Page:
Courier’s existing website is still up and running. The MailChimp version seems to be selective (maybe?) about which articles are brought over. And there is a distinctive difference in the creative direction between the two properties.

#typography / Hoefler&Co goes on the campaign trail.

Mr. Hoefler with an interesting tidbit on the usage guidelines for the Biden campaign: “Working together, we came up with some guidelines for the campaign’s typography, which would help articulate thoughtful messages with attentive typography. Words of action would be set in Decimal’s declarative small capitals, while the supporting syntax would rely on Mercury Text Grade Four.”

#moreplease / "The Towers of Ladakh."

A National Geographic podcast with a cool story about “a mechanical engineer teams up with an unlikely band of students who use middle school math and science to create artificial glaciers that irrigate Ladakh, a region in India hit hard by climate change.”

#viewsource / “The matter of collaborative costs.”

A terrific point taken from “The design systems between us,” an insightful essay from Ethan on the cost of dedicated design tools and development decisions may not scale outside of engineering.

Modern digital teams rarely discuss decisions in terms of the collaborative costs they incur. It’s tempting—and natural!—to see design-or engineering-related decisions in isolation: that selecting Vue as a front-end framework only impacts the engineering team, or that migrating to Figma only impacts designers. But each of these changes the way that team works, which impacts how other teams will work and collaborate with them.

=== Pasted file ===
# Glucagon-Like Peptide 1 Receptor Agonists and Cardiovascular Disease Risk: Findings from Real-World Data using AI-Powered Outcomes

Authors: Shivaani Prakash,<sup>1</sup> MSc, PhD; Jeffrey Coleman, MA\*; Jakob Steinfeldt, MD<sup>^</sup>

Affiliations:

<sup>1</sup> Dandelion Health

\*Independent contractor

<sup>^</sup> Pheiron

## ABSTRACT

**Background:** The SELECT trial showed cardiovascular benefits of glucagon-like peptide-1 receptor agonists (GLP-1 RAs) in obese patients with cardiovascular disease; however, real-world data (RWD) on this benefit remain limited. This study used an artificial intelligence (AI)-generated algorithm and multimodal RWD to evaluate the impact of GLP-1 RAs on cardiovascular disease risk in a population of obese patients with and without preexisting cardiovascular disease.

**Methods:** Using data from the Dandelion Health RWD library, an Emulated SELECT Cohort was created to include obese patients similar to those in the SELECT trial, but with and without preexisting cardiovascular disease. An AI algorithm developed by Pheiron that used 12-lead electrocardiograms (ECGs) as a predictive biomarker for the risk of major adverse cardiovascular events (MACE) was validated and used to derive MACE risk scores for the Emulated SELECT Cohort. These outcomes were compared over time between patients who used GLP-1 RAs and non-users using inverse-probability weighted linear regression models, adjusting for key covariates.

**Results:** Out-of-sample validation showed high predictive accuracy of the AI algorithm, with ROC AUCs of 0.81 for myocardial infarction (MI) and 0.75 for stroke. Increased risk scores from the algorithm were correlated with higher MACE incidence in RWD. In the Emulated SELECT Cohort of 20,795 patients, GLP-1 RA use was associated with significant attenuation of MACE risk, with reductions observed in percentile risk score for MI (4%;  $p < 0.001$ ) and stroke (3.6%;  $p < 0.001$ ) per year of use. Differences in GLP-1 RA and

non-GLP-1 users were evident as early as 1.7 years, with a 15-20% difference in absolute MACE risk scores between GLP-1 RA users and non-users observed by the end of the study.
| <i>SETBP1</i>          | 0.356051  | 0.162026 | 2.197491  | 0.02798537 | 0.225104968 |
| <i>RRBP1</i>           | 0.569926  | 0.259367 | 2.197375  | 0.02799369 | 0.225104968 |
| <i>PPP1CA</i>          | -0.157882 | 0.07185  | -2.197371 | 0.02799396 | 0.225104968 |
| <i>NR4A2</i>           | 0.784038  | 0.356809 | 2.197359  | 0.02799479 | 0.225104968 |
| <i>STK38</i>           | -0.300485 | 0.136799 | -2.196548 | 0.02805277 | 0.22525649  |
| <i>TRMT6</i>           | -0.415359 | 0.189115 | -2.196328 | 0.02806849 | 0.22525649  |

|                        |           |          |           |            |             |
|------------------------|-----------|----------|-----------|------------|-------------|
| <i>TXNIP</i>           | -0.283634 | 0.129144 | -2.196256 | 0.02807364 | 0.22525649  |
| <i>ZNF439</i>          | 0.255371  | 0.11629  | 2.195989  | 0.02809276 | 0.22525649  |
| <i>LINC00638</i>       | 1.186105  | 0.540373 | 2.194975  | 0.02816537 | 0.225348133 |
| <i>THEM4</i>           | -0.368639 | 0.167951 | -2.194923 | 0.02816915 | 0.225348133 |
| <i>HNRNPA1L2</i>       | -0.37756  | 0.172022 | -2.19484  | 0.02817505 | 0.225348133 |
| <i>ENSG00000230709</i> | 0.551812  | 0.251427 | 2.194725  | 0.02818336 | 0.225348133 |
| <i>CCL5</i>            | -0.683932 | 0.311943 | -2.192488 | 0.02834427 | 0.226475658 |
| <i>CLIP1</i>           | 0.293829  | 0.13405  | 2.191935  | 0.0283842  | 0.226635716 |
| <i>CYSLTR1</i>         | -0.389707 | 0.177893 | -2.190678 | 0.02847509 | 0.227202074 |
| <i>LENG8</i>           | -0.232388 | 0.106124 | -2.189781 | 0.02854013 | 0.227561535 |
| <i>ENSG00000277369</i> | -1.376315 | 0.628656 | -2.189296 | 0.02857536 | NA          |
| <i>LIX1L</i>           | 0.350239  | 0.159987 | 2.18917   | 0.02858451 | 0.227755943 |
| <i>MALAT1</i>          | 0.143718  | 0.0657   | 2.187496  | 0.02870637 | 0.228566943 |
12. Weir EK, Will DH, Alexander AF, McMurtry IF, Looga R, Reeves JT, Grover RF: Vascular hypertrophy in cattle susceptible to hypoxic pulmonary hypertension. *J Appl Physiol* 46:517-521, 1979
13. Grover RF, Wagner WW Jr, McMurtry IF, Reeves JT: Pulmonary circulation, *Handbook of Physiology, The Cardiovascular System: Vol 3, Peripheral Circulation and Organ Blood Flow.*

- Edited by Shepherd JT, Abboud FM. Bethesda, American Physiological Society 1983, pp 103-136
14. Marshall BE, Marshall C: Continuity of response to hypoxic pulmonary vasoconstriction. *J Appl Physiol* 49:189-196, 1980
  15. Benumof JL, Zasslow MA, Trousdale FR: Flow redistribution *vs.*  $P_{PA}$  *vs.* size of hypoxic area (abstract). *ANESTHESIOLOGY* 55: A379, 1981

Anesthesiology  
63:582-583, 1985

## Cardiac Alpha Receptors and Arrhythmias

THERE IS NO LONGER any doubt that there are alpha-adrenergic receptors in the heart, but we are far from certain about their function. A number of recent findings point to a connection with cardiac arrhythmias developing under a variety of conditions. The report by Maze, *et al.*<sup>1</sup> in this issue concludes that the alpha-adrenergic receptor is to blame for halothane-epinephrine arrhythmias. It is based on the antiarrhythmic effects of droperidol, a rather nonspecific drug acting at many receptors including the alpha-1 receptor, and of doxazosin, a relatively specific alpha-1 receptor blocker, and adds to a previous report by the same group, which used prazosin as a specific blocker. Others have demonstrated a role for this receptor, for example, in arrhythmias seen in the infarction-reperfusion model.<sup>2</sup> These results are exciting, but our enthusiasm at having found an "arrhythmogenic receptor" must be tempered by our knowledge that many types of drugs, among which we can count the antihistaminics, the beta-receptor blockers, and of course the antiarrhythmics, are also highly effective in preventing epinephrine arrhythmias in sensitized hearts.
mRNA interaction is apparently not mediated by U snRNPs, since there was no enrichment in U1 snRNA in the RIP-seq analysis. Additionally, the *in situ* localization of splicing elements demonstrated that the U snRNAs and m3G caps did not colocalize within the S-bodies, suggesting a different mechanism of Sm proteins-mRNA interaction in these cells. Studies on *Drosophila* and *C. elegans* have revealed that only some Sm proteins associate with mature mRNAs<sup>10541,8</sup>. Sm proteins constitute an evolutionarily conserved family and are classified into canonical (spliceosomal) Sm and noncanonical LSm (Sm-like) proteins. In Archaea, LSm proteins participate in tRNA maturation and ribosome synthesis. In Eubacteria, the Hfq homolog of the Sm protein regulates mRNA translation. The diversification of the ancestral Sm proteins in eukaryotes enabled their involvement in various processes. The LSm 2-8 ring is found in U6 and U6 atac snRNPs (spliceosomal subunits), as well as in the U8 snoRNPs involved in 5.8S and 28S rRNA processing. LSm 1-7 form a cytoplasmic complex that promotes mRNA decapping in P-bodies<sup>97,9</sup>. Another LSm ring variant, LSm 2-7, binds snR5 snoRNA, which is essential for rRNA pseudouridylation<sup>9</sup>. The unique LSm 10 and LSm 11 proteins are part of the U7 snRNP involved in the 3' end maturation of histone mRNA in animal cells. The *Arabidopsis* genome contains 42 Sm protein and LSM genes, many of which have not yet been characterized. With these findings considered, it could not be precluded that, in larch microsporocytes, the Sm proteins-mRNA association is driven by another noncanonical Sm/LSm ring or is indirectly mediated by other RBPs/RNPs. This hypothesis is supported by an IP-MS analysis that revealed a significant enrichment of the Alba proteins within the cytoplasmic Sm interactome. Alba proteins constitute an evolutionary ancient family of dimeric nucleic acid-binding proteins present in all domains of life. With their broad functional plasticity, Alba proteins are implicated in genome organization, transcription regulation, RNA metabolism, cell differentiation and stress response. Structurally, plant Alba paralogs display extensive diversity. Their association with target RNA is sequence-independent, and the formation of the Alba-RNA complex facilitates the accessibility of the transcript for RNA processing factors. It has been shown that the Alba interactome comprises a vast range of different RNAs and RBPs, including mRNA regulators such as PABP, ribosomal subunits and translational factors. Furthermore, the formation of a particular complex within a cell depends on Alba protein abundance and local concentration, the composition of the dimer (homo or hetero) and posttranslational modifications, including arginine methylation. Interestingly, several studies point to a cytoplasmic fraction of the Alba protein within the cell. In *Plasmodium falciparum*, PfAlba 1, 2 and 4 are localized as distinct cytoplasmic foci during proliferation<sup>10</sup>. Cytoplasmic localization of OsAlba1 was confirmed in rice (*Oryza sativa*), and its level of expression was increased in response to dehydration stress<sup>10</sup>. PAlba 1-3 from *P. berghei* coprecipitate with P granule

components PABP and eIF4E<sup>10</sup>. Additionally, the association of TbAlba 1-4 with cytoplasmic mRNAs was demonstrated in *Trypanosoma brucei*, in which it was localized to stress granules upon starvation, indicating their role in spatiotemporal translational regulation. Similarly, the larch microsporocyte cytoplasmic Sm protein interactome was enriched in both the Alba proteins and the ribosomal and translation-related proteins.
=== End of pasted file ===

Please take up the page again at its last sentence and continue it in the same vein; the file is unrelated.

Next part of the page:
If you’re in the business, I encourage you to read and re-read this post because it alludes to another evolution in our industry that will shake things up. It’s not clear if it will be good or bad for designers and/or developers, but it has the potential to have a bigger impact than Responsive and Ajax combined.

#billmurray / The French Dispatch.

A Wes Anderson film starring Bill Murray about a newspaper—are you kidding me?! Ye gods! I hope the suits aren’t going to sit on this until a cure for COVID-19 is found. I don’t care what’s playing, going to a movie theatre is at the very bottom of my post-pandemic checklist.

#movetenspaces / "Senet is an all-new independent print magazine about the craft, creativity and community of board gaming."

I love it when my interests converge with independent magazine publishing. My copies of Senet have not arrived just yet but by the photos, this looks to be a fantastic publication.

The magazine promotes board gaming as an art form. Each issue includes previews of the most exciting and intriguing upcoming games, features which explore the tabletop experience and the creative processes behind it, and reviews of the latest releases from both major and independent publishers.

The tell will be in the quality of the writing, but I’m hopeful and look forward to future issues.

#typography / The Type Directors Club is dead.

“…the board has decided to dismantle the organization in its current state and end the lease on the Club’s physical space. The board believes the club should be reconstituted in a new, more inclusive form, under different leadership in the future.”

This is in response to the TDC called out recently for racist perspectives and practices by a former board member Juan Villanueva. He writes, “I hate burning bridges but the bridge of racism needs to burn.”

#missingmanual / Four principles from a working mom worth applying to all of our lives.

“I’m a professor who teaches and a consultant who advises various organizations, married to a committed working spouse [and] the mom of four children: the oldest is seven; the youngest is just over six months old.

I’ve come to believe that the difference between going to bed feeling content or disappointed at the end of the day has a lot to do with the expectations we set for ourselves. Let’s lower our standards. Better yet: Let’s use this moment to shift them to something more reasonable.”

Solid advice from a mom who knows a thing or two about the hustle.

#notgameon / "Boot Camp will not work on Apple silicon-based Macs."